Sustainability, sustainability everywhere.
That could be the incipit of the nightmare of an oil tycoon. Or maybe it is just the reality.
How come that the latest Coldplay music videos are starring more and more natural assets? Why does Jack Johnson ask directly to his fans to commit for the protection of environment?
But above all, what is happened to the Michael Jackson’s Thriller mood of music industry?
We are all intellectual Material Girls
The easy answer to these question is: men are sons of their time.
Hence when Madonna popped up with Material Girl in 1984, asking on the phone for expensive diamonds’ necklaces, wearing a snow white fur (for sure not eco-friendly!) and stealing from the pockets of his various boyfriends, she was just performing an economic analysis! In fact, 1984 the US were experiencing finally a moment of relaxation, after holding a long breath throughout the end of the 70’s with a discrete economic recession and an oil price crisis in ’79. Back then was time for Reagan election, deficit spending and corporate earnings. Sweet sweet 80s.
As a consequence it is natural that music, as a form of art and communication is expressing the human commitment towards the environment. After all, Paris Agreements have reached a major objective: spreading the word of climate change. And Princeton University published a paper estimating that the two major predictors for climate change awareness are education and access to means of communication.
So green music equals good news, isn’t it?
Green Music Washing
Easy answers are often incomplete answers.
Not only art is the result of the historically epoch artist are living in, art is a business.
If not, given the time we are living in our songs should mostly depict and treat fear of terrorism and protection for the environment. Indeed Rihanna released her video Bitch Better Have My Money starring a very much fancy and lush life.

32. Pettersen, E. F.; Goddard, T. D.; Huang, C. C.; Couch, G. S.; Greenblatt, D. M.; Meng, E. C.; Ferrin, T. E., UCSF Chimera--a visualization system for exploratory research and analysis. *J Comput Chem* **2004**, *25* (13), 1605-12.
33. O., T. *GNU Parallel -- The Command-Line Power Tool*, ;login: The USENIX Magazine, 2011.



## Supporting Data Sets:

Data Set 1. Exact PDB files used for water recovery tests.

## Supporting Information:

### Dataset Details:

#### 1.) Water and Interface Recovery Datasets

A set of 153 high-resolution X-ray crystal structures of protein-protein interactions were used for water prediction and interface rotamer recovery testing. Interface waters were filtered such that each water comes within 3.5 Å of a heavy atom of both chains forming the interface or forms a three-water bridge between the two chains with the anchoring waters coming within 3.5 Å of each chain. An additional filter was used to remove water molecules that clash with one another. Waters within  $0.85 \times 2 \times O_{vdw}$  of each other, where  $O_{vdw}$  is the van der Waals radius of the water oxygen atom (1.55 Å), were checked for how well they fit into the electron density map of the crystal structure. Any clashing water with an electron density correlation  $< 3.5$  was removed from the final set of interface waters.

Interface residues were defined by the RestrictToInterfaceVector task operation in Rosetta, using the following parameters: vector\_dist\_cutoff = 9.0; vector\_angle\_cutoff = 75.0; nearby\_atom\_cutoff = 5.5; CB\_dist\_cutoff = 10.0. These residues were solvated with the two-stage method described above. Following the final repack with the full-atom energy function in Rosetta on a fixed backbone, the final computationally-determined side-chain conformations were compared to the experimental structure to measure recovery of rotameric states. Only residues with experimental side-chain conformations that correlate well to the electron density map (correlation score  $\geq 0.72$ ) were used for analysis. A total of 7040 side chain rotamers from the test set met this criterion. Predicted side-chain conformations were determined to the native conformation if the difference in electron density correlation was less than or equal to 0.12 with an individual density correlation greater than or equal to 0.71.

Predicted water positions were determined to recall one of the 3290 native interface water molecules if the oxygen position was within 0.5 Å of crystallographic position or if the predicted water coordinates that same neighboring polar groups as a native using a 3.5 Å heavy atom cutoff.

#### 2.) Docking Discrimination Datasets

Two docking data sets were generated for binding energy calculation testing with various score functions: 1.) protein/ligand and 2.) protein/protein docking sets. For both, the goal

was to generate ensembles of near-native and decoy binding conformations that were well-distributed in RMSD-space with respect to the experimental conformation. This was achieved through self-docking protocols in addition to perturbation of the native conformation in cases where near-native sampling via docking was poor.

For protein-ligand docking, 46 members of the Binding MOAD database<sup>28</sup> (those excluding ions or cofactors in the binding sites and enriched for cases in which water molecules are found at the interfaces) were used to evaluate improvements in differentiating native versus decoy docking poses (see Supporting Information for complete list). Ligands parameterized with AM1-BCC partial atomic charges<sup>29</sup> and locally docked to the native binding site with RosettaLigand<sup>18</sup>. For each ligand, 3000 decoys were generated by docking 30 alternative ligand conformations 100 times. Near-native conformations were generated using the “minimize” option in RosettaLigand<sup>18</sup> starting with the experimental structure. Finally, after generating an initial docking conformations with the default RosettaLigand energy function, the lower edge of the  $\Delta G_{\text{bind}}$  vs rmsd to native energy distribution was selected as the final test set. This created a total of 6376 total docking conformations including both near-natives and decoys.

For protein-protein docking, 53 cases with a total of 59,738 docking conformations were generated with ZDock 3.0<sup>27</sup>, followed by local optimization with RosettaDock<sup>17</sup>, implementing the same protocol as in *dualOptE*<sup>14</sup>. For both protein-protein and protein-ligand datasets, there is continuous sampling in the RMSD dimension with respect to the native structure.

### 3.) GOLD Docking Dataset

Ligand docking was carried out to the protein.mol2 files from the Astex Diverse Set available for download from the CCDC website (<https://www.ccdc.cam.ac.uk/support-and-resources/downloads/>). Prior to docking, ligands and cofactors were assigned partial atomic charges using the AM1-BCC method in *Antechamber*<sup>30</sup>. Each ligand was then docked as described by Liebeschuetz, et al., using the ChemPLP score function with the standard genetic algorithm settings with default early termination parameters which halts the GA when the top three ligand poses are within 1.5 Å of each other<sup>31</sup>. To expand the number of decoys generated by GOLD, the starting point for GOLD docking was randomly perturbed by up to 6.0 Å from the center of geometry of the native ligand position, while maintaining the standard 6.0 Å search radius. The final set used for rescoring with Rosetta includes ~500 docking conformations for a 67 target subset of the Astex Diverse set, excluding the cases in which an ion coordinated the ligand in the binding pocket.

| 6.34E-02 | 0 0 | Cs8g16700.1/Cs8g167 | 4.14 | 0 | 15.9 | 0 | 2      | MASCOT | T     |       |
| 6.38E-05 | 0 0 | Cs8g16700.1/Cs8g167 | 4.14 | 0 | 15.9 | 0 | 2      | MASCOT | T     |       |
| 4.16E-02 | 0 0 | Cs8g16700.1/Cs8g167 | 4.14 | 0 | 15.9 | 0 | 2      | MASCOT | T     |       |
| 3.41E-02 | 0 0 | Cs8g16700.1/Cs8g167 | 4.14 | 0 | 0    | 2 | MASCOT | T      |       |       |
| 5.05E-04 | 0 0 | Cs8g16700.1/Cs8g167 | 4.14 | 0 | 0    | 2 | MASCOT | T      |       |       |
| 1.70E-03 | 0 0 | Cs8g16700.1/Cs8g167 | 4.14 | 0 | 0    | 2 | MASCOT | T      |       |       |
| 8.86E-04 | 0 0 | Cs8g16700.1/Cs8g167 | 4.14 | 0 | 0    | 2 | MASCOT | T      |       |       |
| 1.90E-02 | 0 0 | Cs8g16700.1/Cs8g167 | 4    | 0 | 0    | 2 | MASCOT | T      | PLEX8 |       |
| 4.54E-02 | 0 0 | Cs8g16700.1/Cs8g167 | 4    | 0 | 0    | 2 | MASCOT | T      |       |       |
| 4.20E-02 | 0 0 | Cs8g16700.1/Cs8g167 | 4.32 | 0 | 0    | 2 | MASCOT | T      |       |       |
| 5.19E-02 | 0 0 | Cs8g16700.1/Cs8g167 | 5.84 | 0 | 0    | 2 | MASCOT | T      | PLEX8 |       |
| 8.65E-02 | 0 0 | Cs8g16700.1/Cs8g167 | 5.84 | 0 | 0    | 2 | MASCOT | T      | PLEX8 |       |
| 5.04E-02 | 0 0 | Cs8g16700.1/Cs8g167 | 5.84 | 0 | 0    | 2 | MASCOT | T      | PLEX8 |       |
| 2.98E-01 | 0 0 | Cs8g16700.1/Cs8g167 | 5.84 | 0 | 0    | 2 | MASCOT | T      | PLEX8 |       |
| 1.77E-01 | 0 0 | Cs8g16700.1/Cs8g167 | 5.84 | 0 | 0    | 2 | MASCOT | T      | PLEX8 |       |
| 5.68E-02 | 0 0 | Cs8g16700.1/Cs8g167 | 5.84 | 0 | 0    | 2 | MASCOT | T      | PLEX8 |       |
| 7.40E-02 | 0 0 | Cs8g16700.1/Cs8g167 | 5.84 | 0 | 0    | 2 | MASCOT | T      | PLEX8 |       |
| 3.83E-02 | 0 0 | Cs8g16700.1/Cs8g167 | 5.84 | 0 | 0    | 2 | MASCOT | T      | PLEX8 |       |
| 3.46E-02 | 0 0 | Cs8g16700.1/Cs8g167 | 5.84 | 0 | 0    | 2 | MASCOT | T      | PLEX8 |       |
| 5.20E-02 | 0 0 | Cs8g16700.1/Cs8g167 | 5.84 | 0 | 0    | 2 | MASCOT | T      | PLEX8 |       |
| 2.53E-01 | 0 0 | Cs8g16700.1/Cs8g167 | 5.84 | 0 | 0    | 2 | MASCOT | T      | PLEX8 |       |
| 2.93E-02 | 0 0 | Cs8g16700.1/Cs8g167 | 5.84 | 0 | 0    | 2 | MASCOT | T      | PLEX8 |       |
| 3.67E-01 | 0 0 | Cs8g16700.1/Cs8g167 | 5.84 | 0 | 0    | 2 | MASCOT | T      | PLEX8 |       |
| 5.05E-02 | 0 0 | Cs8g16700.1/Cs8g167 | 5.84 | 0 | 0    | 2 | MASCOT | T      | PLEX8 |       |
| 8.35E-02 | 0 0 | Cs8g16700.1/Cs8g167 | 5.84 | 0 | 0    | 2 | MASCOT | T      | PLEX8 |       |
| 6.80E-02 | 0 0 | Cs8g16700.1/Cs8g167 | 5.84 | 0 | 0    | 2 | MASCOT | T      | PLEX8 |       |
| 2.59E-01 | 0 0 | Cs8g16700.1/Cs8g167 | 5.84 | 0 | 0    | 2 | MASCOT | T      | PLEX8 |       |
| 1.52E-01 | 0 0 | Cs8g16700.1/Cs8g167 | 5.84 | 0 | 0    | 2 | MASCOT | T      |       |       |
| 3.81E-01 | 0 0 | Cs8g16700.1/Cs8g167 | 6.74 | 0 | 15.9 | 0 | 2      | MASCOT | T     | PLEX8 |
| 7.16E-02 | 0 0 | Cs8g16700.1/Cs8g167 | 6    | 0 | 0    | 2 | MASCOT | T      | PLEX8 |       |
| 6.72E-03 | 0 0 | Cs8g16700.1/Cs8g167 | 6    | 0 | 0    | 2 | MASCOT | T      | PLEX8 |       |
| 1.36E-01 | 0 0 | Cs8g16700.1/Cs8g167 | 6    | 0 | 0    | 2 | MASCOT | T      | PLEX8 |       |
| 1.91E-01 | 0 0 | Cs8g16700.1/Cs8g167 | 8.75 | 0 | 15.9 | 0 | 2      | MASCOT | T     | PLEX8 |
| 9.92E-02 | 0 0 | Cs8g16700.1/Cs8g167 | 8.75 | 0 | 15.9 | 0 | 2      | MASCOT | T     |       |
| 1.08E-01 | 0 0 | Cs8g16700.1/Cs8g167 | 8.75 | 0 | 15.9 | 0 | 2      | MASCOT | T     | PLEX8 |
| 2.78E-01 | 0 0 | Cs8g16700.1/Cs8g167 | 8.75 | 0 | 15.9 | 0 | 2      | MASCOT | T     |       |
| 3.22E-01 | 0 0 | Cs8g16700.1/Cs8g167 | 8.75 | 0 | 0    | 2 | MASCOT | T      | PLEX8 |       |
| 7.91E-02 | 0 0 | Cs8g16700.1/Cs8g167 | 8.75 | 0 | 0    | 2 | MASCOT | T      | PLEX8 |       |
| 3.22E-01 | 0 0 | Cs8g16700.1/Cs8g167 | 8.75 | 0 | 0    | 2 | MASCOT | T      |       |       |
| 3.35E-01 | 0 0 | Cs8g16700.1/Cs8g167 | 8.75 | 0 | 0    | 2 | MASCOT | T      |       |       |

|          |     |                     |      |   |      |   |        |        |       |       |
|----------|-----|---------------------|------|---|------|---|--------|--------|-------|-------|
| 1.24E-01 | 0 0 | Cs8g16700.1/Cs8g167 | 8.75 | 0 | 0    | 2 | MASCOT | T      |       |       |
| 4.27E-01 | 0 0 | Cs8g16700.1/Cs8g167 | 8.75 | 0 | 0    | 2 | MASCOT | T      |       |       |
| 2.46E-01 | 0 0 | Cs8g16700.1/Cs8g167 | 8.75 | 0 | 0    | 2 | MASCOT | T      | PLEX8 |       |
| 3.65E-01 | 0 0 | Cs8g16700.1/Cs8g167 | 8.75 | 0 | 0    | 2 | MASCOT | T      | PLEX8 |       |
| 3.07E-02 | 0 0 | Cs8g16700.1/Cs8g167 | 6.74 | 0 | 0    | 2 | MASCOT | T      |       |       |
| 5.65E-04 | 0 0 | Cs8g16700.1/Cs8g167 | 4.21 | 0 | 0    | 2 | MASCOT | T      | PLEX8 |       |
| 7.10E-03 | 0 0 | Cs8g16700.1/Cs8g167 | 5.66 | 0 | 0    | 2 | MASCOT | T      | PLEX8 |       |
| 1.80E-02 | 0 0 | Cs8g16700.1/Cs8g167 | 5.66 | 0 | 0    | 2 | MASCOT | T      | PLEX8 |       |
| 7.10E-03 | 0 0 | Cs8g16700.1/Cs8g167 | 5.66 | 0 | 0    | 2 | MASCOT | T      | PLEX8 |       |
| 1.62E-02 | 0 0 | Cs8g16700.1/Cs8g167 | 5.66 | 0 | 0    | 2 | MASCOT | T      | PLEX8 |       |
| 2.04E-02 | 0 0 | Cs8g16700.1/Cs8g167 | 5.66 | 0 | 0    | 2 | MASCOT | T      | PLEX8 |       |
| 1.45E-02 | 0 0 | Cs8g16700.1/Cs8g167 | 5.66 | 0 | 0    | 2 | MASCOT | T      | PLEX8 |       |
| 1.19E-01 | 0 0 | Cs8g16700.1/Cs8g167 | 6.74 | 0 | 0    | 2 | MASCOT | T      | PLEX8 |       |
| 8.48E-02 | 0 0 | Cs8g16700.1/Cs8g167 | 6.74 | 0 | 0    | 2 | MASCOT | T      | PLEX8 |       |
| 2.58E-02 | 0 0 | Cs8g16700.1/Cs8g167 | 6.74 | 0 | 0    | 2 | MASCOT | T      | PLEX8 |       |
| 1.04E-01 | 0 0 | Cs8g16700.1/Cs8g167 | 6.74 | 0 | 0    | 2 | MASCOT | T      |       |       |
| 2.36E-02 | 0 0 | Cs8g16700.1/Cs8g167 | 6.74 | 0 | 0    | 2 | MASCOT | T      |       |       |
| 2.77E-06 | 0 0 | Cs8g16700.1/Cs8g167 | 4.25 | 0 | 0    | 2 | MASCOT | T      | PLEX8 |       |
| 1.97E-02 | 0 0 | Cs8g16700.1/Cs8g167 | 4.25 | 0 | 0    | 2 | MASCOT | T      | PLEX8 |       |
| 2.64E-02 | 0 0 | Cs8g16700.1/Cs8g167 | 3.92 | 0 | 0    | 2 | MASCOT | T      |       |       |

By the way, also Coldplay sponsored the expensive Beats by Dr. Dre Speakers in between their natural videos. Is it just reducing to a commercial strategy, pretending to act green while it is just a marketing move? Certainly not.
However it is an undeniable tendency. Take Coldplay: they were born as an alternative brit-rock band, and now they are hitting the tops with every single, that ultimately, look alike everytime.
From an article of John Harris at The Guardian: after the terrorist attack in NYC of 2001(ndr) “Almost every Coldplay record since has dealt in much the same qualities: reassurance, redemption, an insistence that what it is to be human will somehow see us through…their songs seem to become lighter and more blithely optimistic in direct proportion to the troubled nature of the world. The worse everything gets, in other words, the more they seem driven to reassure us, in language often so banal it beggars belief.”. An addictive pill?
The United Nations in 2010 established the Music & Environment Initiative which aims to leverage the power of music to address some of the most pressing environmental problems facing the planet, bringing together musicians who want to be part of the solution. So, music is considered also by the of the most influential global institutions part of the solution.
However, the link between environment and music leads us to another bittersweet truth: market is the invisible hand, setting the scene, once again. So listening to green music could be a benefit as it is influencing at least positively contemporary philosophy. Nevertheless one must also check the consistency to this commitment: are the practices of music production sustainable?
Music industry accounted in 2015 for 48.1 billion $ in revenues (Pwc datas); no data on sustainability in this sector are available. Imagine how much of an impact would be making that amount of money sustainably.
To have an hint check out Jack Johnson’s campaign. Making alternative music… is still possible.